Facts About Cast Away on Its 20th Anniversary
When FedEx employee Chuck Noland’s plane crashes, he ends up stranded on a deserted tropical island for four years, with an inanimate volleyball named Wilson as his only friend. Deemed an “existential blockbuster” for the 21st century, not a whole lot of action occurs during Cast Away’s 143-minute running time. But Hanks’s long beard and survival scenarios generated an iconic character and film.
It took Apollo 13 screenwriter William Broyles Jr. six years to shape the story with Hanks and director Robert Zemeckis, to a Method degree: filming halted for a year so that Hanks could shed 50 pounds as real time passed in the movie. The movie was released on December 22, 2000, and became a huge hit, grossing $429,632,142 worldwide on a $90 million budget. Here are some facts about the film.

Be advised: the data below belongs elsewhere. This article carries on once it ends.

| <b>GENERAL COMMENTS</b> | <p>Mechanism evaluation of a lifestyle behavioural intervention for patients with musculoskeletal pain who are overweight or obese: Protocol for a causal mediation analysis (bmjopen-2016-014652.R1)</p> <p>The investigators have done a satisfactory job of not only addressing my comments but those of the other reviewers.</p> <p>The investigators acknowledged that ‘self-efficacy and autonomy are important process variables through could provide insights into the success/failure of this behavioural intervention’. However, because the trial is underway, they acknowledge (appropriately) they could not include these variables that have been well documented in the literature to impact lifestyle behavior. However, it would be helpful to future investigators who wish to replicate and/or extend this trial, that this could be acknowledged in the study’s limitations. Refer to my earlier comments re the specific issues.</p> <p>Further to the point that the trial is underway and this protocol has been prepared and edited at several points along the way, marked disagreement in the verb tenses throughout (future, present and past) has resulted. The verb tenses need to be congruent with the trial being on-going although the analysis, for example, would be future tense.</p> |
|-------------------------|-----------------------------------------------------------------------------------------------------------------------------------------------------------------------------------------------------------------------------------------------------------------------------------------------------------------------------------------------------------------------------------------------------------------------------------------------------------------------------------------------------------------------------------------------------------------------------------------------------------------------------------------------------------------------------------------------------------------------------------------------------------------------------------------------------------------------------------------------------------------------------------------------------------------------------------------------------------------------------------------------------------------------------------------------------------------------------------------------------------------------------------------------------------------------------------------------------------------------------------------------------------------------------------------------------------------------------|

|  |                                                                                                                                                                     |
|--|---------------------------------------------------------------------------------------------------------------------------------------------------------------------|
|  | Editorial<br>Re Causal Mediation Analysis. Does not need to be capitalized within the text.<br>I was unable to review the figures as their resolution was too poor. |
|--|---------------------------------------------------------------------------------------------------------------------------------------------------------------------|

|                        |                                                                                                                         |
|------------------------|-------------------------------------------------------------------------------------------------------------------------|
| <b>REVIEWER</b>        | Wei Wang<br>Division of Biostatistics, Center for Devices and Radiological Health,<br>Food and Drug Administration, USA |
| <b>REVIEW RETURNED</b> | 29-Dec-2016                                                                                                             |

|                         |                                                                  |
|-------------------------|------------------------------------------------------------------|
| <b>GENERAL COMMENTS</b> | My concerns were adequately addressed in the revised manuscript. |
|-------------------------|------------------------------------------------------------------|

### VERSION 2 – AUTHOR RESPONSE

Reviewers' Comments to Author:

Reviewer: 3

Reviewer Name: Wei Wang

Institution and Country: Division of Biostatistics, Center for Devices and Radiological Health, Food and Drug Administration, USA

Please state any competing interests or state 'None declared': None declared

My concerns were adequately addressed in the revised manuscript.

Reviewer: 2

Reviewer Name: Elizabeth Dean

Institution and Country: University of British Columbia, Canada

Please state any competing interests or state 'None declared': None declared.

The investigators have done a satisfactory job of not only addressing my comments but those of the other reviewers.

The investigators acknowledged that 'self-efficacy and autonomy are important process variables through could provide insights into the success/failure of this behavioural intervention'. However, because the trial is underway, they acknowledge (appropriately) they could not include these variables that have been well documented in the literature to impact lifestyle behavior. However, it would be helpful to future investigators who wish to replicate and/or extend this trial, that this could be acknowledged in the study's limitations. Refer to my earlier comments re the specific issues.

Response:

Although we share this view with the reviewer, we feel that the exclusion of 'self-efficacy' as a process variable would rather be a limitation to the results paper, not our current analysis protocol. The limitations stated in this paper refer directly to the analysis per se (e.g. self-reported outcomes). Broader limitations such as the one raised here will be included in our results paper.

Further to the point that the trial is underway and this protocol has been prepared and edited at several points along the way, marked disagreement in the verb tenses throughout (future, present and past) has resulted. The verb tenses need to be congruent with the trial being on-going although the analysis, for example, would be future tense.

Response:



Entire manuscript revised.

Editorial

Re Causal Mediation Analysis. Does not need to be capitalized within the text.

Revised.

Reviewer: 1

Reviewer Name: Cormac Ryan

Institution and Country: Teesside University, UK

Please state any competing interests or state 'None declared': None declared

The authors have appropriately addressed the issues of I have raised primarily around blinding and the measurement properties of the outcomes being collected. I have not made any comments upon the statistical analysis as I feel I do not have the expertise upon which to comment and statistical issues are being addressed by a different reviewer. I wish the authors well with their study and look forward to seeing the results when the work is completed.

1. TOM HANKS DIDN’T WANT TO TELL A STANDARD STORY WITH CAST AWAY.
In an interview with The Guardian, Tom Hanks explained, “Because there is a standard way of telling this story, and that’s to have a rich, snotty guy who’s obviously not in touch with what’s important and blah, blah, blah, and then he learns a lesson and he’s not like that anymore. But Chuck learns no great lessons.” The basic themes of the film are of physical and spiritual survival, and as Hanks told the Los Angeles Times, “I didn’t want to show a man conquering his environment, but rather the effect the environment has on him. I wanted to deal with subject matter that was largely verboten in mainstream movies, taking the concept of a guy trapped against the elements, with no external forces, no pirates, no bad guys, and tell it in a way that challenged the normal cinematic narrative structure.”
2. CAST AWAY SCREENWRITER WILLIAM BROYLES JR. STRANGED HIMSELF ON AN ISLAND, FOR RESEARCH PURPOSES.
William Broyles Jr. spent several days alone in Mexico’s Sea of Cortez trying to fend for himself. He speared and ate stingrays, learned how to open a coconut, befriended a washed-up Wilson-brand volleyball, and tried to make fire, which ended up in the movie. His experiences led to an epiphany regarding the Chuck character: “That’s when I realized it wasn’t just a physical challenge,” Broyles told The Austin Chronicle. “It was going to be an emotional, spiritual one as well.”